The Pencil Box

The Pencil Box

From Chicken Soup for the Grieving Soul

The Pencil Box

I was deep in thought at my office preparing a lecture to be given that evening at a college across town when the phone rang. A woman I had never met said she was the mother of a seven-year-old boy and that she was dying. She said her therapist had advised her that discussing her pending death with her little boy would be too traumatic for him, but somehow that didn’t feel right to her.

Knowing that I worked with grieving children, she asked my advice. I told her that our heart is often smarter than our brain, and that I thought she knew what would be best for her son. I also invited her to attend the lecture that night since I was speaking about how children cope with death. She said she would be there.

I wondered later if I would recognize her at the lecture, but my question was answered when I saw a frail woman being half-carried into the room by two adults. I talked about the fact that children usually sense the truth long before they are told, and they often wait until they feel adults are ready to talk about it before sharing their concerns and questions. I said that children usually can handle truth better than denial, even though the denial is intended to protect them from pain. I said that respecting children meant including them in the family sadness, not shutting them out.

At the break, she hobbled to me and said through her tears, “I knew it in my heart. I just knew I should tell him.” She said that she would that night.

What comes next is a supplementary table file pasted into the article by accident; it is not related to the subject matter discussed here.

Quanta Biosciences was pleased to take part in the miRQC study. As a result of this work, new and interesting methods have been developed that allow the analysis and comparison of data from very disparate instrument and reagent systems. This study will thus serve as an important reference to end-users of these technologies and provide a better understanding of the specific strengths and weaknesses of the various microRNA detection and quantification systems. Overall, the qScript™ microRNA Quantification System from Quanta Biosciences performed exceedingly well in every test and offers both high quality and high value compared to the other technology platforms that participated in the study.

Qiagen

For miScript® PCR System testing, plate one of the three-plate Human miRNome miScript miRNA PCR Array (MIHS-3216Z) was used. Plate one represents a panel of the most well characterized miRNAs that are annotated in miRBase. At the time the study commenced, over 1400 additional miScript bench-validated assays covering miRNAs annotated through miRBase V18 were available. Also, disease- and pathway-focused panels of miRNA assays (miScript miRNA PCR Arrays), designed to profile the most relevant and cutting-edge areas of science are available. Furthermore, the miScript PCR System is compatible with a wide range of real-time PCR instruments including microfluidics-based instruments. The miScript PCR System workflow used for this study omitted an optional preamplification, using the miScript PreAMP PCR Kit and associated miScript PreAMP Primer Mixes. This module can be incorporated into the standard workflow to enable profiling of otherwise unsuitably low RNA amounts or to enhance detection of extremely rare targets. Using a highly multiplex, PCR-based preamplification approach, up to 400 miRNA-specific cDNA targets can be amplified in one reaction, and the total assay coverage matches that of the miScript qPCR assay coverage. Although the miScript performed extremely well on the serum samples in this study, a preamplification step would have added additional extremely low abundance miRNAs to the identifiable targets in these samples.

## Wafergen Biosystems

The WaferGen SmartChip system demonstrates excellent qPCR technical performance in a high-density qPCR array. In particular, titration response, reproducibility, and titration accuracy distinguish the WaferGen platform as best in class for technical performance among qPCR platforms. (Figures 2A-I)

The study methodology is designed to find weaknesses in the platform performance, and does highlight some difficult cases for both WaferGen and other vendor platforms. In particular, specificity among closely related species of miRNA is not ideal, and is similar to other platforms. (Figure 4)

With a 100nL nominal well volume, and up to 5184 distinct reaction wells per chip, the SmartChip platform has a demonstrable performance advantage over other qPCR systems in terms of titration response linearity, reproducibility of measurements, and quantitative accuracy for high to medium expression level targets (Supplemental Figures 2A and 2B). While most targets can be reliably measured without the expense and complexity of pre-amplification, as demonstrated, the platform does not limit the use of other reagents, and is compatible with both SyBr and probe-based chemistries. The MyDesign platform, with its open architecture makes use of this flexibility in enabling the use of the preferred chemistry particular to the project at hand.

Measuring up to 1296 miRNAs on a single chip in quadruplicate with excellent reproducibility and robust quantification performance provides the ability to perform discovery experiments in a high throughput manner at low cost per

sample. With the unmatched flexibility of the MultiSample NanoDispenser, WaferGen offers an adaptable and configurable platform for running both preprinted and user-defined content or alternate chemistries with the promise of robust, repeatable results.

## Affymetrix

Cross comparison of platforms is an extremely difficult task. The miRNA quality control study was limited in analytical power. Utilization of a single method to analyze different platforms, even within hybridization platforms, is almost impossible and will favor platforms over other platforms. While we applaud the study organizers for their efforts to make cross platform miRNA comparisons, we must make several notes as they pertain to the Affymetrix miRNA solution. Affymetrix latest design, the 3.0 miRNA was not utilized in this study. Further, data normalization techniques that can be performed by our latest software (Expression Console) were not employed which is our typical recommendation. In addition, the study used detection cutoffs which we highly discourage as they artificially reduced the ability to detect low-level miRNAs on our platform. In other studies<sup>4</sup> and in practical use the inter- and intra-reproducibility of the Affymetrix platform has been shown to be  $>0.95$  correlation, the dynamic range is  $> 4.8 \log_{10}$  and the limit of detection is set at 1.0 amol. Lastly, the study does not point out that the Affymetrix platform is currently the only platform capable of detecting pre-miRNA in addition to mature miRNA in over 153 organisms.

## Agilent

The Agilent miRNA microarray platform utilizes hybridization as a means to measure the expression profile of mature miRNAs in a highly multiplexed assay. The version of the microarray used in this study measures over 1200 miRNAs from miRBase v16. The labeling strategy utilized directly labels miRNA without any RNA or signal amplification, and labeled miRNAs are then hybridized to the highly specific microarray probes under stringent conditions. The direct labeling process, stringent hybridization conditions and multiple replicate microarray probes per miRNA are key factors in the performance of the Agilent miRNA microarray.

The next morning I received another phone call from her. I managed to hear the story through her choked voice. She said she awakened him when they got home the night before and quietly said, “Derek, I have something to tell you.”

He quickly interrupted her, saying, “Oh, Mommy, is it now that you are going to tell me that you are dying?”

She held him close, and they both sobbed while she said, “Yes.”

After a few minutes the little boy wanted down. He said he had something for her that he had been saving. In the back of one of his drawers was a dirty pencil box. Inside the box was a letter written in simple scrawl. It said, “Good-bye, Mom. I will always love you.”

How long he had been waiting to hear the truth, I don’t know. I do know that two days later Mom died. In her casket was placed a dirty pencil box and a letter.

Doris Sanford

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